Synthetic Biology Regulation in East Asia

In general, countries/regions in East Asia do not have specific regulations that address bio-safety issues regarding synthetic biology. They instead enforce pre-existing guidelines that were originally formulated for the regulation of genetically engineered and genetically modified organisms. These regulations were developed in the early or mid-2000s. Experts in Korea, Japan, and China argue that new specific regulations for synthetic biology is necessary for the safe development of the field in these countries.

Currently, no countries in this region have proposed initiating the development of such regulations. This may be due to the fact that in 2010, the United States, a leading country in synthetic biology, announced that new regulation or modification of existing regulations that govern synthetic biology is not necessary. The Presidential Commission for the Study of Bioethical Issues of the United States explained that instead of coming up with stringent regulation, they will “choose a middle course” to maximize the potential benefit of synthetic biology. It instead recommended self-regulation by synthetic biologists (Wadman, 2010).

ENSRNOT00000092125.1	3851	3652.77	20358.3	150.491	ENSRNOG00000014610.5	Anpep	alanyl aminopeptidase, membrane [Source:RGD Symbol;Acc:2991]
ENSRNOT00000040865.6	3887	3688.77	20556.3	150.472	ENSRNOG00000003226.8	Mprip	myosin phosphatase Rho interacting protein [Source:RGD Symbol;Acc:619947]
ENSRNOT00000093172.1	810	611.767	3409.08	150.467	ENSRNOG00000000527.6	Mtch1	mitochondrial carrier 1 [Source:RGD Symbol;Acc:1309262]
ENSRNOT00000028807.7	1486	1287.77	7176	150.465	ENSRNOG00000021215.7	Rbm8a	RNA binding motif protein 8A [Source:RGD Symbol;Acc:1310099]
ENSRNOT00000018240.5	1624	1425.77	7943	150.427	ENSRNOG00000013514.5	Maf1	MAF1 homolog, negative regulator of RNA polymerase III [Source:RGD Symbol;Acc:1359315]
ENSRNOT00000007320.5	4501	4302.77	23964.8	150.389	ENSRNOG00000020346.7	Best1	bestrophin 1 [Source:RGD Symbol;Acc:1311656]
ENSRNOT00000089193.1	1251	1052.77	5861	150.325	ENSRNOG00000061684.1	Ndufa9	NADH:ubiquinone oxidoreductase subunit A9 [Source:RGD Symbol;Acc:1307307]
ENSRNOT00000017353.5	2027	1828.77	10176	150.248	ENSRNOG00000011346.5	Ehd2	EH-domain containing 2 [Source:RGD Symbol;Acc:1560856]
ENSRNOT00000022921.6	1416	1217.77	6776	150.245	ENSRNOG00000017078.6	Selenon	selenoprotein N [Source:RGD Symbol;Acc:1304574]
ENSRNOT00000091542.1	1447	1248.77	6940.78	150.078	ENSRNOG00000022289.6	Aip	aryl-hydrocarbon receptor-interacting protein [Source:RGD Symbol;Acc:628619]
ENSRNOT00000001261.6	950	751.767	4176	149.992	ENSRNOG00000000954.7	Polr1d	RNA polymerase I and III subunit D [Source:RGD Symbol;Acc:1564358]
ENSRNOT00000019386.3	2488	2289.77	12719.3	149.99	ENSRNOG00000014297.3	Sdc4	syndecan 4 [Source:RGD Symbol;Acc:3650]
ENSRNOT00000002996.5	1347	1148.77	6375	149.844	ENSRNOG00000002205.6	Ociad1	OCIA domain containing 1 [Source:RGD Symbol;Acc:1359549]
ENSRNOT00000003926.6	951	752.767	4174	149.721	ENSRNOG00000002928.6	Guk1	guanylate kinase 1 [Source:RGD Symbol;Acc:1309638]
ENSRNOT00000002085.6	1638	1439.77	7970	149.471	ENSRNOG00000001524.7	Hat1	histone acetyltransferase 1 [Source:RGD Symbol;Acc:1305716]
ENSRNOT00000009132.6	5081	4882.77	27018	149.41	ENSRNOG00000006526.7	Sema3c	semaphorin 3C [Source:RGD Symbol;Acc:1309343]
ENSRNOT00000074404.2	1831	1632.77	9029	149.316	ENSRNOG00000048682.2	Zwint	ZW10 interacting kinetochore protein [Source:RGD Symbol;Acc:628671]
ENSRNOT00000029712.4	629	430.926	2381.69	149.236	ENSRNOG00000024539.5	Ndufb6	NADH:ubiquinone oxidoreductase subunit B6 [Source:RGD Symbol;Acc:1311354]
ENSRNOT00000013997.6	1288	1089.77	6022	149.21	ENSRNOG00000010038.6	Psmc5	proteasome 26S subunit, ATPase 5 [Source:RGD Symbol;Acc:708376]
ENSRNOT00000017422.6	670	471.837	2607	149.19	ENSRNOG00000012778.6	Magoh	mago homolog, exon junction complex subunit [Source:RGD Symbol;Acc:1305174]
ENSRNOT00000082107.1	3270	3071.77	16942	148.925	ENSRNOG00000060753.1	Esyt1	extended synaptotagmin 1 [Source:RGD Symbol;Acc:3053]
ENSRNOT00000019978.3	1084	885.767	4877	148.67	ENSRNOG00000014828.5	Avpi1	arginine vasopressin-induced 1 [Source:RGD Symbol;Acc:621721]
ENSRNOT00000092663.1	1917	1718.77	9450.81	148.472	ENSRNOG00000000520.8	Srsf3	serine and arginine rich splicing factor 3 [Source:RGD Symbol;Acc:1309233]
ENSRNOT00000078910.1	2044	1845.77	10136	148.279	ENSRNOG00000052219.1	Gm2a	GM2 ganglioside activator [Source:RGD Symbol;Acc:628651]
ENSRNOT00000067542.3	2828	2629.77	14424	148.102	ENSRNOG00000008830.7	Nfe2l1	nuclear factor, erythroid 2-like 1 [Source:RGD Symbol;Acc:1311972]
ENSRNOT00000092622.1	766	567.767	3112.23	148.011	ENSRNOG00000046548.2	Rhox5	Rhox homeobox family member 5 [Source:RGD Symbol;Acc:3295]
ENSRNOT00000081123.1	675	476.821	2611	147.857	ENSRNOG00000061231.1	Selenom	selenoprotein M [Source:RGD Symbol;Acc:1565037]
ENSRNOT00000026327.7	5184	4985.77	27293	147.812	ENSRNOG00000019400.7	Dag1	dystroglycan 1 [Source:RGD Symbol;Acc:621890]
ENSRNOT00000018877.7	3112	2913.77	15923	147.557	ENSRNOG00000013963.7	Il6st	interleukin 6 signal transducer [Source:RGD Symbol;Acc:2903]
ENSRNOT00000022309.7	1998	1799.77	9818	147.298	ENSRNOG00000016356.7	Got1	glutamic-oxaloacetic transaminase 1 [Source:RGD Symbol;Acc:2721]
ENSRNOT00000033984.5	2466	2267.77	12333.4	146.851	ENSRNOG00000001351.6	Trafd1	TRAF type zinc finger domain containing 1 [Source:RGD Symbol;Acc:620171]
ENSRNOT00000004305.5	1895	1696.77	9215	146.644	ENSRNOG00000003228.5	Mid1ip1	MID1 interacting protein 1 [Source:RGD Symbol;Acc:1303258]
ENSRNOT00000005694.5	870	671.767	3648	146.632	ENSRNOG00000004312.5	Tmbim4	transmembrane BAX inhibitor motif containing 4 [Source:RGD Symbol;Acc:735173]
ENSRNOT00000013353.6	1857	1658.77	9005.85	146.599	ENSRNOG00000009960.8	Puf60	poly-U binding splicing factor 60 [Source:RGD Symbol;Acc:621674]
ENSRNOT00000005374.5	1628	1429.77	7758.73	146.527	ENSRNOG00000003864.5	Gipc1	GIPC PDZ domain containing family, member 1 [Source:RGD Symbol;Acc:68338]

The following table summarizes the current regulation imposed on synthetic biology activities in East Asian countries and the United States.

Many people and organizations are worried about this loose regulation of synthetic biology. Over 100 non-governmental organizations (NGOs) have called for greater international supervision of synthetic biology. They worry that synthesized organisms could have unforeseeable risks for human health and the environment. Friends of the Earth, an environmental organization, even came up with The Principles for the Oversight of Synthetic Biology which outlines how synthetic biology should be regulated (Hoffman, 2012).


Wadman, M. (2010). US report sets ground rules for artificial life. Nature, Retrieved from
Hoffman, E. (2012). Global coalition calls for oversight of synthetic biology. Friends of the Earth, Retrieved from
Synthetic biology project: Map inventory. (n.d.). Retrieved from